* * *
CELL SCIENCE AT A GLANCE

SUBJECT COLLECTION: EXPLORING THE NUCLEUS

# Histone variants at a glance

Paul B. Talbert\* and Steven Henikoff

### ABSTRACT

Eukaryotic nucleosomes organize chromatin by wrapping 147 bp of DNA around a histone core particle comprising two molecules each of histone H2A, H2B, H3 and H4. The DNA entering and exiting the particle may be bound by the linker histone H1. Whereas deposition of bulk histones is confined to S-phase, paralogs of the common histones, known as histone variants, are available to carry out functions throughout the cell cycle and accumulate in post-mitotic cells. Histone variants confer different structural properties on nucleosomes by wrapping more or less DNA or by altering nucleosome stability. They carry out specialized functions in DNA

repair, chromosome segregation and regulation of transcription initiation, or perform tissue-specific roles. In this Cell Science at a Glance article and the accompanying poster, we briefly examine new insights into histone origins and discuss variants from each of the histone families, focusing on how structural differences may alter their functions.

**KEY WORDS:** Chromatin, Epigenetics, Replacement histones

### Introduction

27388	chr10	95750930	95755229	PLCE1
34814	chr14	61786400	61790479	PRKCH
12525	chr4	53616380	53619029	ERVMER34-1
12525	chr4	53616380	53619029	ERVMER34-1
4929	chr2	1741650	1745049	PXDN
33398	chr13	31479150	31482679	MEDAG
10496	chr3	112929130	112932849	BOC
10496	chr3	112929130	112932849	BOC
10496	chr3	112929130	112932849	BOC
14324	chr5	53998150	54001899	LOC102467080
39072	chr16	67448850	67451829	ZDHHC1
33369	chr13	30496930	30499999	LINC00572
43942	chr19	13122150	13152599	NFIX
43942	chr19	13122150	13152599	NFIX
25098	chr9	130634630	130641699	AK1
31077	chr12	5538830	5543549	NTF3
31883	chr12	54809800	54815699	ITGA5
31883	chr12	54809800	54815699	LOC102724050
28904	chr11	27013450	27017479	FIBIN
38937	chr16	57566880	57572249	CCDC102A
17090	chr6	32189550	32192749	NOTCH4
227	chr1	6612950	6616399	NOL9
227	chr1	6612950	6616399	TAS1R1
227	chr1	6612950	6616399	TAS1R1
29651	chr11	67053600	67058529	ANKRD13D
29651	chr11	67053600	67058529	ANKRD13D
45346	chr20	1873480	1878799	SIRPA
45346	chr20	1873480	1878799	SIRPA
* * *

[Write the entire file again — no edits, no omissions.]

CELL SCIENCE AT A GLANCE

SUBJECT COLLECTION: EXPLORING THE NUCLEUS

# Histone variants at a glance

Paul B. Talbert\* and Steven Henikoff

### ABSTRACT

Eukaryotic nucleosomes organize chromatin by wrapping 147 bp of DNA around a histone core particle comprising two molecules each of histone H2A, H2B, H3 and H4. The DNA entering and exiting the particle may be bound by the linker histone H1. Whereas deposition of bulk histones is confined to S-phase, paralogs of the common histones, known as histone variants, are available to carry out functions throughout the cell cycle and accumulate in post-mitotic cells. Histone variants confer different structural properties on nucleosomes by wrapping more or less DNA or by altering nucleosome stability. They carry out specialized functions in DNA

repair, chromosome segregation and regulation of transcription initiation, or perform tissue-specific roles. In this Cell Science at a Glance article and the accompanying poster, we briefly examine new insights into histone origins and discuss variants from each of the histone families, focusing on how structural differences may alter their functions.

**KEY WORDS:** Chromatin, Epigenetics, Replacement histones

### Introduction

27388	chr10	95750930	95755229	PLCE1
34814	chr14	61786400	61790479	PRKCH
12525	chr4	53616380	53619029	ERVMER34-1
12525	chr4	53616380	53619029	ERVMER34-1
4929	chr2	1741650	1745049	PXDN
33398	chr13	31479150	31482679	MEDAG
10496	chr3	112929130	112932849	BOC
10496	chr3	112929130	112932849	BOC
10496	chr3	112929130	112932849	BOC
14324	chr5	53998150	54001899	LOC102467080
39072	chr16	67448850	67451829	ZDHHC1
33369	chr13	30496930	30499999	LINC00572
43942	chr19	13122150	13152599	NFIX
43942	chr19	13122150	13152599	NFIX
25098	chr9	130634630	130641699	AK1
31077	chr12	5538830	5543549	NTF3
31883	chr12	54809800	54815699	ITGA5
31883	chr12	54809800	54815699	LOC102724050
28904	chr11	27013450	27017479	FIBIN
38937	chr16	57566880	57572249	CCDC102A
17090	chr6	32189550	32192749	NOTCH4
227	chr1	6612950	6616399	NOL9
227	chr1	6612950	6616399	TAS1R1
227	chr1	6612950	6616399	TAS1R1
29651	chr11	67053600	67058529	ANKRD13D
29651	chr11	67053600	67058529	ANKRD13D
45346	chr20	1873480	1878799	SIRPA
45346	chr20	1873480	1878799	SIRPA